# Train and Visualize a Decision Tree

Try to understand how it makes predictions.

```
from sklearn.tree import DecisionTreeClassifier
from sklearn.tree import export_graphviz
iris = load_iris()
X = iris.data[:, 2:] # petal len and wid
y = iris.target
tree_clf = DecisionTreeClassifier(max_depth=2)
tree_clf.fit(X, y)
export_graphviz(tree_clf, out_file=image_path("tree.dot"), feature_names=iris.feature_names[2:], rounded=True, filled=True)
```

Then, we can use the dot command line too from the Graphviz package to convert the file to other formats.

`dot -Tpng tree.dot -o iris_tree.png`

Decision Trees are intuitive, thus are called white box models. Random Forests or NN are considered black box models.

# Making Predictions

Decision Tree models do not require much data preparation (feature scaling or centering).

A node’s **samples** attribute counts how many training instances it applies to; **value** attribute tells you how many training instances of each class this node applies to; **gini** attribute measures its impurity: a node is pure if all training instances it applies to belong to the same class.

Gini impurity $G_i = 1 - \sum_{k=1}^n p_{i,k}^2$

$p_{i,k}$ is the ratio of class k instances among the training instances in the i-th node.

### Estimating Class Prob

To estimate the probability that an instance belongs to a particular class k, a DT traverses the tree to find the leaf node for this instance, and then it returns the ration of training instances of class k in this node.

### CART Training Alg

CART: Classification and Regression Tree

Scikit-Learn uses the CART algorithm, which produces only binary trees. The alg works by first splitting the training set into two subsets using a single feature k and a threshold $t_k$. It searches for the pair (k, $t_k$) that produces the purest subsets.

Cost function for classification

$J(k, t_k) = \frac{1}{m}(m_{left}*G_{left}+m_{right}*G_{right})$

It stops recursion once it reaches the maximum depth or if it cannot find a split that will reduce impurity. This is a greedy algorithm: it does not check whether the split will lead to the lowest possible impurity several levels down.

### Computational Complexity

Making prediction requires traversing the DT requires roughly $O(log_2(m))$. The training algorithm compares all features on all samples at each other, which results in $O(n*m*log_2(m))$. $n$ stands for the number of features, $m$ stands for the number of data samples.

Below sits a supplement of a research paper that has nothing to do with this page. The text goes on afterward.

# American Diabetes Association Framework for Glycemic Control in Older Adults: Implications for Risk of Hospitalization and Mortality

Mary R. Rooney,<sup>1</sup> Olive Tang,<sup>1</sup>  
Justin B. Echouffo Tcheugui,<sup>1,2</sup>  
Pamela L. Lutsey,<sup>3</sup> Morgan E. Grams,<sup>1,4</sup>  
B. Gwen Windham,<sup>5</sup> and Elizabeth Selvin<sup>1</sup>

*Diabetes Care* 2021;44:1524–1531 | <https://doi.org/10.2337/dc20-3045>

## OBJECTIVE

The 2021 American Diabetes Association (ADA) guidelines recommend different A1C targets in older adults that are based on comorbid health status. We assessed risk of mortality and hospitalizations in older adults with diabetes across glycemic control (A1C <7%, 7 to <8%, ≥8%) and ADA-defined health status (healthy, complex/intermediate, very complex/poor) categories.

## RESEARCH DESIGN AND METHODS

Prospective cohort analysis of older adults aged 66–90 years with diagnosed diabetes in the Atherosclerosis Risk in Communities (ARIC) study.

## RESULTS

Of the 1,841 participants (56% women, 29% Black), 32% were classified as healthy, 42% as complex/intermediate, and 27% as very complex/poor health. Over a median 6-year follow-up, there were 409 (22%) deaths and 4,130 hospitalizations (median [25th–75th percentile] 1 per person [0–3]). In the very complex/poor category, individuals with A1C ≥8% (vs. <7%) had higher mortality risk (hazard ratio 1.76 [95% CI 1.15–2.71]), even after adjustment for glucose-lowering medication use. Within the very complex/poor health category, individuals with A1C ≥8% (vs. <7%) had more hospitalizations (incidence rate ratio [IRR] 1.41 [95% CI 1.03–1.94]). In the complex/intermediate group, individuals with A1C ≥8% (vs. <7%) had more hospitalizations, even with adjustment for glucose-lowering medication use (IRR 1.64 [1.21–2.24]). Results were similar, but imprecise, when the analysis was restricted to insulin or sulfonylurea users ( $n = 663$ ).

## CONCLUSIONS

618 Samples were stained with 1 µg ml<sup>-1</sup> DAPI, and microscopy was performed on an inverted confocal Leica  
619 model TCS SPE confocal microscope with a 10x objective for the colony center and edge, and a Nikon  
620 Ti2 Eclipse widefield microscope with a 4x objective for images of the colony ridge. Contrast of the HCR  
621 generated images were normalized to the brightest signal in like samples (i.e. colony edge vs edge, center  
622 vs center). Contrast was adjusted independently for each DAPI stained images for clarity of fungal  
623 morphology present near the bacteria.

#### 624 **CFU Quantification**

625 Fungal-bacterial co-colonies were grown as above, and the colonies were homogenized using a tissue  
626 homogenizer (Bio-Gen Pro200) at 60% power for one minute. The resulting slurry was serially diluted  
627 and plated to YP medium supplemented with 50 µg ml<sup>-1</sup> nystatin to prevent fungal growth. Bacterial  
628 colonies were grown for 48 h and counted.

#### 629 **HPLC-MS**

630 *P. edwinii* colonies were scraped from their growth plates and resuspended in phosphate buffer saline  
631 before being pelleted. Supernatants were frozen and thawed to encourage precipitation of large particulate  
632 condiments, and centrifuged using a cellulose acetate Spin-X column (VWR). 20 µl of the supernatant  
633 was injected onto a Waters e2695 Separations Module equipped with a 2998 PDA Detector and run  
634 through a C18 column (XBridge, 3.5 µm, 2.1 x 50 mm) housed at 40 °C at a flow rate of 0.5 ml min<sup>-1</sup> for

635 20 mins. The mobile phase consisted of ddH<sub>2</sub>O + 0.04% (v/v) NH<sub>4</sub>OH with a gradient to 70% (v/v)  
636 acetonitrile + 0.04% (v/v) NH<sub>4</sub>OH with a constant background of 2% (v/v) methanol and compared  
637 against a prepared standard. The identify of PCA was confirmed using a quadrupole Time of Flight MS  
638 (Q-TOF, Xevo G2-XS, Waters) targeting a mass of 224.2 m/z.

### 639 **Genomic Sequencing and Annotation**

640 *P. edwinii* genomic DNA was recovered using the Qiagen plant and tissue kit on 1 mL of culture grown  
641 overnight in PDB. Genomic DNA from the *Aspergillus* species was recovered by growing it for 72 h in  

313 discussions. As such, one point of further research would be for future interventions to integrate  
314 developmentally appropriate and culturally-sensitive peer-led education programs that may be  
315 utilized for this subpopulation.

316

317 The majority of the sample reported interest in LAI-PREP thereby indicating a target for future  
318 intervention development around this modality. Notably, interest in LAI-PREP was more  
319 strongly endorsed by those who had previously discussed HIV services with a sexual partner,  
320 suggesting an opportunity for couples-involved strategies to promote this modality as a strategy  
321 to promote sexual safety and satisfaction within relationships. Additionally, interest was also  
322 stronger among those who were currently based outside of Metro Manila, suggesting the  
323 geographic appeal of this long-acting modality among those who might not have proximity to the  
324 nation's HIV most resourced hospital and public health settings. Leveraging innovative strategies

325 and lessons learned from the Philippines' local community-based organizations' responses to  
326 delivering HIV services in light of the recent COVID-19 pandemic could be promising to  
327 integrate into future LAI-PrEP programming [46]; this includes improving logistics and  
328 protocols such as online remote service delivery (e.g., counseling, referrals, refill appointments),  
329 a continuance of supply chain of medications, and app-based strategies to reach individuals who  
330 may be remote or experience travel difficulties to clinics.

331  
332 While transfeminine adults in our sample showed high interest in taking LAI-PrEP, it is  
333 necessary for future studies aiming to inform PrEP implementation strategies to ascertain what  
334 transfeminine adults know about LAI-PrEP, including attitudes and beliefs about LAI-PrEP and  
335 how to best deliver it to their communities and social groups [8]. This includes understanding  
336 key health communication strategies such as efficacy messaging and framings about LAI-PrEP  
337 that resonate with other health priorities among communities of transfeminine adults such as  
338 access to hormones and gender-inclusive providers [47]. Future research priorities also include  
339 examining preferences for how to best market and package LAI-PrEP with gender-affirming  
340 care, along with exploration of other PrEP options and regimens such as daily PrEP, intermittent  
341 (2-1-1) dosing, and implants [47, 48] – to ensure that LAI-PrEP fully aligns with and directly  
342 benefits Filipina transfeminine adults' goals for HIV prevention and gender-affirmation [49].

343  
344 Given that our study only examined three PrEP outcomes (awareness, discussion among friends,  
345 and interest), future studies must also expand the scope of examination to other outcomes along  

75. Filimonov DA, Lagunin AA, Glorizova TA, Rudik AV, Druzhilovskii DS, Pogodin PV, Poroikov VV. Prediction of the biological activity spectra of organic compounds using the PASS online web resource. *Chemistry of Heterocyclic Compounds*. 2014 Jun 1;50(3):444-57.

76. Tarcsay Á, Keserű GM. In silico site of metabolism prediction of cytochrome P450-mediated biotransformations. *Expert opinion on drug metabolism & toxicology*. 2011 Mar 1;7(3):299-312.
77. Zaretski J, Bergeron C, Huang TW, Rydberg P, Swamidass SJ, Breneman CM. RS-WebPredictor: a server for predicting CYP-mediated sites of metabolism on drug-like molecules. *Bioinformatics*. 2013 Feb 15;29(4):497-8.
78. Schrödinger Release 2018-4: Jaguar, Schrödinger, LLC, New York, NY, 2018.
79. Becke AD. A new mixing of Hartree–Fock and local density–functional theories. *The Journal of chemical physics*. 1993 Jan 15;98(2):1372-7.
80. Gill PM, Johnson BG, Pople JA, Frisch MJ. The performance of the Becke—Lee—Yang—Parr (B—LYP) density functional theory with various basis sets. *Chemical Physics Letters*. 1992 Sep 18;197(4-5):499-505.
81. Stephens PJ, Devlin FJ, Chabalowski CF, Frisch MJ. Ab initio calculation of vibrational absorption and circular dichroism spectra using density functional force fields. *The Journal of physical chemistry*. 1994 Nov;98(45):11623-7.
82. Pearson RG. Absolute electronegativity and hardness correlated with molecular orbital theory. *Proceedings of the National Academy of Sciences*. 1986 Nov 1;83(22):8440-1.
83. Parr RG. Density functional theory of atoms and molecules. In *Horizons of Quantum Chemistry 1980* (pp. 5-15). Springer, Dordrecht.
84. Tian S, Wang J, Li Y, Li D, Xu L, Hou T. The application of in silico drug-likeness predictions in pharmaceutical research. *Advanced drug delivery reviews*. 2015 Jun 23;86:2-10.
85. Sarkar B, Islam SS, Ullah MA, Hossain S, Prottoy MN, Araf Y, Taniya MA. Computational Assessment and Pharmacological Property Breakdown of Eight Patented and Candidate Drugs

### Gini Impurity or Entropy

By default, the Gini impurity measure is used. We can also use entropy impurity measure by setting the **criterion** to “entropy”.

Entropy

$H_i = -\sum_{k=1, p_{i,k}\ne0}^n p_{i,k} log_2(p_{i,k})$

In most cases, they produce similar trees. When they differ, Gini impurity tends to isolate the most frequent class in its own branch of the tree, while entropy tends to produce slightly more balanced trees.

### Regularization Hyperparameter

A parametric model, such as a linear model, has a predetermined number of parameters, so its degree of freedom is limited. DT is a nonparametric model, which is more likely to overfit training data.

Increasing min_* hyperparams or reduce max_* hyperparams will regularize the model. Other alg work by first training DT w/o restrictions, then pruning unnecessary nodes. Standard statistical tests such as chi-squared test can be used to estimate the nodes’ significance.

### Regression

```
from sklearn.tree import DecisionTreeRegressor
tree_reg = DecisionTreeRegressor(max_depth=2)
tree_reg.fit(X, y)
```

The CART tries to split the training set in a way that minimizes the MSE.

### Instability

DT love orthogonal decision boundaries, making them sensitive to training set rotation. One solution is to use PCA, which often results in a better orientation.

The main issue with DT is that they are sensitive to small variations. Besides, we can get very different models even on the same training data.